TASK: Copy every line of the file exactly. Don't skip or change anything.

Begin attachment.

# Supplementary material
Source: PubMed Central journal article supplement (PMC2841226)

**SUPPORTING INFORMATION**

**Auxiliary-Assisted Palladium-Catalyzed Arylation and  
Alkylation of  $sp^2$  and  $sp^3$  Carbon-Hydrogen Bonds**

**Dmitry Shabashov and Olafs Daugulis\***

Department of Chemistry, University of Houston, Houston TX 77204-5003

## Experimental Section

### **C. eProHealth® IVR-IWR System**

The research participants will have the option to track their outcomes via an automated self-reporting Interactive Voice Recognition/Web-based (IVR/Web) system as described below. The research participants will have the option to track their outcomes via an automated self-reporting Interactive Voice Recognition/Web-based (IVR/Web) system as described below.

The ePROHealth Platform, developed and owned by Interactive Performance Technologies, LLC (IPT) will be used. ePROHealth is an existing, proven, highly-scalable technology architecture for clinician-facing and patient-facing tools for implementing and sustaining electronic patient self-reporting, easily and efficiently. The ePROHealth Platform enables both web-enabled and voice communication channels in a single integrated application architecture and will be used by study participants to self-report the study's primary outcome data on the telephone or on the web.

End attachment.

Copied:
# Supplementary material
Source: PubMed Central journal article supplement (PMC2841226)

**SUPPORTING INFORMATION**

**Auxiliary-Assisted Palladium-Catalyzed Arylation and  
Alkylation of  $sp^2$  and  $sp^3$  Carbon-Hydrogen Bonds**

**Dmitry Shabashov and Olafs Daugulis\***

Department of Chemistry, University of Houston, Houston TX 77204-5003

## Experimental Section

### **C. eProHealth® IVR-IWR System**

The research participants will have the option to track their outcomes via an automated self-reporting Interactive Voice Recognition/Web-based (IVR/Web) system as described below. The research participants will have the option to track their outcomes via an automated self-reporting Interactive Voice Recognition/Web-based (IVR/Web) system as described below.

The ePROHealth Platform, developed and owned by Interactive Performance Technologies, LLC (IPT) will be used. ePROHealth is an existing, proven, highly-scalable technology architecture for clinician-facing and patient-facing tools for implementing and sustaining electronic patient self-reporting, easily and efficiently. The ePROHealth Platform enables both web-enabled and voice communication channels in a single integrated application architecture and will be used by study participants to self-report the study's primary outcome data on the telephone or on the web.